In these chapters Israel and his children and grandchildren migrate to Egypt, totaling seventy people. They left the parched promised land behind and came to live under the care of Joseph. I can understand why Israel was reticent to move down. He remembered the stories of his grandfather, Abraham, about how God had promised to give him the land of their sojourning. He was now 130 years old and had lived in Canaan most of his life. Imagine living through over a century of nomadic shepherding, seeing bounty and famine, ups and downs, good times and bad ones. Should he just ride this one out or should he uproot his entire extended family and move them to Egypt. What would this mean about the covenant God made with Abraham, Isaac, and him? If he leaves, does that mean he is giving up on God? This is probably why God came to Israel in the night. He spoke to him and told him not to be afraid to go down to Egypt and that he would go down with him. After God assured him, Israel packed up the family and went to Egypt. There, this group of nomads would incubate, growing from seventy to well over a million souls.
When Israel finally came face to face with Pharaoh he said, “The days of the years of my sojourning are 130 years. Few and evil have been the days of the years of my life, and they have not attained to the days of the years of the life of my fathers in the days of their sojourning” (Genesis 47.9). Israel had suffered greatly throughout the course of his life. He duped his blind father under his mother’s advice to steal his brother’s blessing and then ran away to hide out in a foreign land. While living with his uncle, he got duped himself repeatedly. Laban constantly changed his wages and performed a switcheroo on his wedding night, substituting Leah for Rachel. After twenty years of toiling under Laban’s greedy gaze, he finally broke free. Terrified of meeting his angry brother Esau, Israel journeyed back home. Fortunately his brother was no longer out for blood and the two established peace. However, his overt favoritism of his one wife over the other three led to severe relational pain. So jealous were his sons of the way Israel treated Joseph that they resolved to murder the lad and tell their father a beast tore him to pieces. Although they sold Joseph into slavery, they still told their father his favorite son was dead. Israel grieved for Joseph for days, months, years, and decades. Indeed, his life was full of suffering: some self-inflicting and some just happenstance.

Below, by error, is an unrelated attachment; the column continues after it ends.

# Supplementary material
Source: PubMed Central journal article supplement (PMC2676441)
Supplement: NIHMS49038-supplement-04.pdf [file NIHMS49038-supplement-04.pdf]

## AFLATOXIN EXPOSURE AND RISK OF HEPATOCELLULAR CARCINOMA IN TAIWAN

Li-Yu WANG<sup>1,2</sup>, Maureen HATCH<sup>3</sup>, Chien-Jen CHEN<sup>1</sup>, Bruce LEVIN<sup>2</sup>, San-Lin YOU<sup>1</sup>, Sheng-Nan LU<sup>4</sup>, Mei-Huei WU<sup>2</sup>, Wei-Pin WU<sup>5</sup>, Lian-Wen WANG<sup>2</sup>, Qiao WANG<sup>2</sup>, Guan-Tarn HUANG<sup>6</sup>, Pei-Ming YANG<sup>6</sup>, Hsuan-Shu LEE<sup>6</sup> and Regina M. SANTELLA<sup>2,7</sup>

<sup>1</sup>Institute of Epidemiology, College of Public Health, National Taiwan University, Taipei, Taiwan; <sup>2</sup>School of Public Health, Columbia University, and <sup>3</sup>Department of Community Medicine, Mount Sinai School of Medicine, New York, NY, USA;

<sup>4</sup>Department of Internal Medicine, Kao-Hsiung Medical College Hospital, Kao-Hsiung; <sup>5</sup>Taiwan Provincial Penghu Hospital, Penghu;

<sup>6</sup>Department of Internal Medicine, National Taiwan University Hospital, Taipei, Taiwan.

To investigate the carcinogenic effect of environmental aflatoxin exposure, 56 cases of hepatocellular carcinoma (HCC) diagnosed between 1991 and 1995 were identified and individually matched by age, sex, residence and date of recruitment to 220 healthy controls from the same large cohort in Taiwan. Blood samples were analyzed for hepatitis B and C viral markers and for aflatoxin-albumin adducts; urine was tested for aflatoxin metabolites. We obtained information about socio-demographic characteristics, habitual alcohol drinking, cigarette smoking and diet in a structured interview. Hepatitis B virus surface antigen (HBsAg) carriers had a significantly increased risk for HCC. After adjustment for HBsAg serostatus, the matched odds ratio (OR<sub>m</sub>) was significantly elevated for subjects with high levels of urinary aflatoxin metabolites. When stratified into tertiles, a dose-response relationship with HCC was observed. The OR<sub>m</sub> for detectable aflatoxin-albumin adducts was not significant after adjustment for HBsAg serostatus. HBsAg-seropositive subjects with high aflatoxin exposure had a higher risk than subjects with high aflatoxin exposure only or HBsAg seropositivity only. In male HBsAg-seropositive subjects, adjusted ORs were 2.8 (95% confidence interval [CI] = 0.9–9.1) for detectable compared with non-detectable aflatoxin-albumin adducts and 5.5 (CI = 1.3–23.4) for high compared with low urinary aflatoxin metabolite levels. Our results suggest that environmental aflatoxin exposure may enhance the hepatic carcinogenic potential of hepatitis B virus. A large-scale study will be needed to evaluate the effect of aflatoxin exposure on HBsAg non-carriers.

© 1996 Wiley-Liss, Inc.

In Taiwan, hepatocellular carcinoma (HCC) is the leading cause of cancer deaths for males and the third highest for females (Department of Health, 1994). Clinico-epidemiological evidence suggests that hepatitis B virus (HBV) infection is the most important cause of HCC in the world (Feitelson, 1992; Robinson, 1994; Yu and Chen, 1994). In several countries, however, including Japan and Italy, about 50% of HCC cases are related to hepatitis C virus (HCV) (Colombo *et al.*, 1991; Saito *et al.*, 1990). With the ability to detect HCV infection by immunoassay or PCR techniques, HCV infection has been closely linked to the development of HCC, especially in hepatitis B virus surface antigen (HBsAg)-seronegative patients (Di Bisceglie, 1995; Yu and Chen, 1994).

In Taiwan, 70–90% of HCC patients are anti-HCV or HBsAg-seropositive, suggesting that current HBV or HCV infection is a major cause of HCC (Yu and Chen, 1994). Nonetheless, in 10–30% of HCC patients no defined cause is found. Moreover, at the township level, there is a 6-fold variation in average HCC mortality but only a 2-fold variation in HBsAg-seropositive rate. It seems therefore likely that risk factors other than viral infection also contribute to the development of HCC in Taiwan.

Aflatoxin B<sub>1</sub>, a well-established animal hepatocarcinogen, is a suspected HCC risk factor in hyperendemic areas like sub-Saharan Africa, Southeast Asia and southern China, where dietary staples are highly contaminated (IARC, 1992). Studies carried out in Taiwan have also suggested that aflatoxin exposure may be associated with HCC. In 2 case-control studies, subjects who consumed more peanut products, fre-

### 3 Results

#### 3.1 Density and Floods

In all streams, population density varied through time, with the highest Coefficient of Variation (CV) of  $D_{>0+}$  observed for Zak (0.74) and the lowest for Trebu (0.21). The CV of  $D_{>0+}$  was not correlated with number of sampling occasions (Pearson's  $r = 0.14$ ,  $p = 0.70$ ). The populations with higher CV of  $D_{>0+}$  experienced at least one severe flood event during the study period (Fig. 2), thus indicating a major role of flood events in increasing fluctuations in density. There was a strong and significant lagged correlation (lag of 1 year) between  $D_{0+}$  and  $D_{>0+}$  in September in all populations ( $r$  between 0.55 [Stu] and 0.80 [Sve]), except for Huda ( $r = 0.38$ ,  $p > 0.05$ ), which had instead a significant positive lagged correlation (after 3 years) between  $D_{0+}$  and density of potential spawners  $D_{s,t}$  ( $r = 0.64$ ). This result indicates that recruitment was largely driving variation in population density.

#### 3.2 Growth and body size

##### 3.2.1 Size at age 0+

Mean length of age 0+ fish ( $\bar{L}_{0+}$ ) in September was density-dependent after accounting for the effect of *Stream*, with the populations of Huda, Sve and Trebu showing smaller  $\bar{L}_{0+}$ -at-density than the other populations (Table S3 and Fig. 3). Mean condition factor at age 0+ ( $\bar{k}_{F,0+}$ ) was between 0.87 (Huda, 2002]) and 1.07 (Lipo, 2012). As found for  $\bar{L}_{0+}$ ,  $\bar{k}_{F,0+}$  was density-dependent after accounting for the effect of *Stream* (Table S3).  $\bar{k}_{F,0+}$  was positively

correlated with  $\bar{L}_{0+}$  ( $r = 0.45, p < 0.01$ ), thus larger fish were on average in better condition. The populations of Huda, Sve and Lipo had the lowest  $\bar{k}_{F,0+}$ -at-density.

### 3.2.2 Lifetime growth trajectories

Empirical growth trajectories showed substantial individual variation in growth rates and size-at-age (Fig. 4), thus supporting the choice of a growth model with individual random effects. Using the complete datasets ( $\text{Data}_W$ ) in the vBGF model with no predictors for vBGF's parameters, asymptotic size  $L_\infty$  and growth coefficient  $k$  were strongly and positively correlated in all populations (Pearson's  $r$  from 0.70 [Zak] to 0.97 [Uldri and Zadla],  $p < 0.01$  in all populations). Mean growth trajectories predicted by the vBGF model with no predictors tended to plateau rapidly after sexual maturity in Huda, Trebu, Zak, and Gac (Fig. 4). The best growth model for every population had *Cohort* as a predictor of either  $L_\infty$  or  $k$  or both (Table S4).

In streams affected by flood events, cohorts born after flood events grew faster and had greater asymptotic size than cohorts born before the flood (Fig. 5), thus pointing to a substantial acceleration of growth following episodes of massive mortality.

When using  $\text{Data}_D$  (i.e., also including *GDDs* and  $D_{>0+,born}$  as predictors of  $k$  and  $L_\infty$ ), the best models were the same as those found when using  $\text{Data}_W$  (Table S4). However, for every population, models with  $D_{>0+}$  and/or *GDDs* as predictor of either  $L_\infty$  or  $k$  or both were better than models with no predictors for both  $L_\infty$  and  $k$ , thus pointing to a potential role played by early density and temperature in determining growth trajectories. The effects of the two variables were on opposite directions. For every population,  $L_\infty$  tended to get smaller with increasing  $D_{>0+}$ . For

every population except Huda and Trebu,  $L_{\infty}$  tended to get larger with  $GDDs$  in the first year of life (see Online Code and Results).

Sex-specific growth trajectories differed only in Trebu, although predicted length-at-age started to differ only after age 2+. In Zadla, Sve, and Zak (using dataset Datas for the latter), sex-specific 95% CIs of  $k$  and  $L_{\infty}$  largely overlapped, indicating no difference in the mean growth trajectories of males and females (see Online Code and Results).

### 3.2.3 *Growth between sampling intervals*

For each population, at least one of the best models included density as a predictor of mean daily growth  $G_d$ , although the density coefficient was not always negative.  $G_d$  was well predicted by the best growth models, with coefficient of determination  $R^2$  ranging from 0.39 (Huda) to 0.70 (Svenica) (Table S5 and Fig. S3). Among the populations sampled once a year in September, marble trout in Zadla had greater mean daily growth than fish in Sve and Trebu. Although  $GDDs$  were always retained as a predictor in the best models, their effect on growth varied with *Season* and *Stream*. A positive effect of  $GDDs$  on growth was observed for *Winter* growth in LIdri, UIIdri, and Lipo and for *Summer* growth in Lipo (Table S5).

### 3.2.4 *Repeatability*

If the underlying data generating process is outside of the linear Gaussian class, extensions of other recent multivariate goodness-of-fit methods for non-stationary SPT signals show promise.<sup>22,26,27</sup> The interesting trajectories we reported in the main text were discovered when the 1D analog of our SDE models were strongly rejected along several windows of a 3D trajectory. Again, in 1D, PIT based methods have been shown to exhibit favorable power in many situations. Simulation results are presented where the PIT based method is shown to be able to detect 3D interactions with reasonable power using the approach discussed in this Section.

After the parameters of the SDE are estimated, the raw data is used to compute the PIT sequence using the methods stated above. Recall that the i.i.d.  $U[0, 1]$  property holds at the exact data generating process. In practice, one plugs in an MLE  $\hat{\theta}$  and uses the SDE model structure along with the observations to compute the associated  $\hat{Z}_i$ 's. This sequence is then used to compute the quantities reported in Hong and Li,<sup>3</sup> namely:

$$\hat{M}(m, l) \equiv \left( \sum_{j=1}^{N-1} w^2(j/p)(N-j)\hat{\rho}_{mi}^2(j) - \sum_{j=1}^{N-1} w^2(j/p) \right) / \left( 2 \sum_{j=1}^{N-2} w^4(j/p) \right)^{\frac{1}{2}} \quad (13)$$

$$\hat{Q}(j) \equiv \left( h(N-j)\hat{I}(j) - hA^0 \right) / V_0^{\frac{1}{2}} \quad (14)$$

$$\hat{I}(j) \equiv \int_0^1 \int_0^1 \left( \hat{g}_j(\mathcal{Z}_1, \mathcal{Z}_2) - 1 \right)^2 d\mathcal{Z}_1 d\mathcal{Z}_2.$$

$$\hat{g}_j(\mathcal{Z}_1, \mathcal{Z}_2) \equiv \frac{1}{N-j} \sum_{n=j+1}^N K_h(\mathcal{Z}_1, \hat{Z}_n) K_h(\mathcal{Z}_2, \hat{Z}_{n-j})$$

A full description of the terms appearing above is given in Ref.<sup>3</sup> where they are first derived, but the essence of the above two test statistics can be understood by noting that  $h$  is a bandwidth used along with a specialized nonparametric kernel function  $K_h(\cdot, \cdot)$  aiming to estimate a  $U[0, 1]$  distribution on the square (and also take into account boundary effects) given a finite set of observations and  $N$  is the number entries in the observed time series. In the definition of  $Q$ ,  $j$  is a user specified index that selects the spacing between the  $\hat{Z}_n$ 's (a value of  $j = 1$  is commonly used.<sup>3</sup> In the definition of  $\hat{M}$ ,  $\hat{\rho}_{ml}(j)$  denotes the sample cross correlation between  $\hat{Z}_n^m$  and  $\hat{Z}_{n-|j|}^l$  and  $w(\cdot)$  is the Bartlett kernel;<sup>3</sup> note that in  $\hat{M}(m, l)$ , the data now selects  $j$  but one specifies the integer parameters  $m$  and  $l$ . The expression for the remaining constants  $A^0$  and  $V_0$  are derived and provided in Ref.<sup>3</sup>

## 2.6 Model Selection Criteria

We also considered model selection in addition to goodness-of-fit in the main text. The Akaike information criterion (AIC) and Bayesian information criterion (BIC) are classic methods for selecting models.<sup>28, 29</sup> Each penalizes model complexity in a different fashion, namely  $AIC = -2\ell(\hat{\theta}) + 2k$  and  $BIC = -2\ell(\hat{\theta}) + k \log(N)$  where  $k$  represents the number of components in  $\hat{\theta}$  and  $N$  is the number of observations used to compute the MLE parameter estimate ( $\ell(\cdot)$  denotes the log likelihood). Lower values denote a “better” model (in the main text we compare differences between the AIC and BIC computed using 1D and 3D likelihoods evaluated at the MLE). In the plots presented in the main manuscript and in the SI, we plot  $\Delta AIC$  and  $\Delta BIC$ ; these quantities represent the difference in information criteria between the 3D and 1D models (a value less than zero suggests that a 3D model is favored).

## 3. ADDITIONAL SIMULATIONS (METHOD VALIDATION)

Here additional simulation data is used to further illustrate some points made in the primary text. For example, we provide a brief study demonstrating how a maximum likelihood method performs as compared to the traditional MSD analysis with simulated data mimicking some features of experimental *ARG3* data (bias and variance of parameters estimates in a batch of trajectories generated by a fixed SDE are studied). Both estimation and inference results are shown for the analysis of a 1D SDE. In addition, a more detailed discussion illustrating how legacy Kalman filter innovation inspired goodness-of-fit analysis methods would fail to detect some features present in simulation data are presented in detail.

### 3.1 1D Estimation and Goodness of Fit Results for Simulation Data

Yet, this is not the end of the story. Israel may not have unlocked the secret to “Your Best Life Now,” but he did retain the faith of Abraham. He may have poisoned his family relationships with favoritism, but he remembered the promise of God. At the end of 147 years, he found himself on his deathbed in a foreign land, far from the land of God’s covenant. As a result, his last request was simple. He had Joseph swear to him, “Do not bury me in Egypt, but let me lie with my fathers. Carry me out of Egypt and bury me in their burying place” (Genesis 47.29-30). This seemingly insignificant and inconvenient request, is actually the indication of Israel’s tenacious faith. He has seen a lot in his century and a half, but in the end he stayed true to the covenant. He believed in his bones that God would give him and his descendants that land, and his last request was to receive a proper burial in the promised land. Although he had suffered more than most in his life, he never gave up on God. As a result, he will participate in the resurrection of the just and one day he will inherit that land as God promised. I wonder, how deep is your faith?